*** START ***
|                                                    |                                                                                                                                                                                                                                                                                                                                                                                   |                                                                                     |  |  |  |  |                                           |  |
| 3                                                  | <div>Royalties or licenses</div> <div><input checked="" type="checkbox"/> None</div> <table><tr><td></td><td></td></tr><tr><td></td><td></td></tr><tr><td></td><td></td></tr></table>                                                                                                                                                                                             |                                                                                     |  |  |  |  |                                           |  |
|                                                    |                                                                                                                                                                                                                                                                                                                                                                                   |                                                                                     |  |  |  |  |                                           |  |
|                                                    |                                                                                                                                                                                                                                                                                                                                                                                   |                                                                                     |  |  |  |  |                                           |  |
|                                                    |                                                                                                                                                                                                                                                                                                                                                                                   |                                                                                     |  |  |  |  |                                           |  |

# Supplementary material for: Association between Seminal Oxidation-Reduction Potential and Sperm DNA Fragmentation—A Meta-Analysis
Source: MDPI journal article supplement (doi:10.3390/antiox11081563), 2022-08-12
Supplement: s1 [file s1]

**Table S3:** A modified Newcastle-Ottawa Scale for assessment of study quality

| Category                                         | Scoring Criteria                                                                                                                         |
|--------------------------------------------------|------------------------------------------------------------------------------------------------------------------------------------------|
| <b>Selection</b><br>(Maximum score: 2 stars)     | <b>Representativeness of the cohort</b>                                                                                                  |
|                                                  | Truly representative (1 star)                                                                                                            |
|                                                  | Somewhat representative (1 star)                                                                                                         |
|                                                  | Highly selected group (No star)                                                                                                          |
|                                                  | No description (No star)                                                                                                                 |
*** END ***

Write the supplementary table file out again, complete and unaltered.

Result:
|                                                    |                                                                                                                                                                                                                                                                                                                                                                                   |                                                                                     |  |  |  |  |                                           |  |
| 3                                                  | <div>Royalties or licenses</div> <div><input checked="" type="checkbox"/> None</div> <table><tr><td></td><td></td></tr><tr><td></td><td></td></tr><tr><td></td><td></td></tr></table>                                                                                                                                                                                             |                                                                                     |  |  |  |  |                                           |  |
|                                                    |                                                                                                                                                                                                                                                                                                                                                                                   |                                                                                     |  |  |  |  |                                           |  |
|                                                    |                                                                                                                                                                                                                                                                                                                                                                                   |                                                                                     |  |  |  |  |                                           |  |
|                                                    |                                                                                                                                                                                                                                                                                                                                                                                   |                                                                                     |  |  |  |  |                                           |  |

# Supplementary material for: Association between Seminal Oxidation-Reduction Potential and Sperm DNA Fragmentation—A Meta-Analysis
Source: MDPI journal article supplement (doi:10.3390/antiox11081563), 2022-08-12
Supplement: s1 [file s1]

**Table S3:** A modified Newcastle-Ottawa Scale for assessment of study quality

| Category                                         | Scoring Criteria                                                                                                                         |
|--------------------------------------------------|------------------------------------------------------------------------------------------------------------------------------------------|
| <b>Selection</b><br>(Maximum score: 2 stars)     | <b>Representativeness of the cohort</b>                                                                                                  |
|                                                  | Truly representative (1 star)                                                                                                            |
|                                                  | Somewhat representative (1 star)                                                                                                         |
|                                                  | Highly selected group (No star)                                                                                                          |
|                                                  | No description (No star)                                                                                                                 |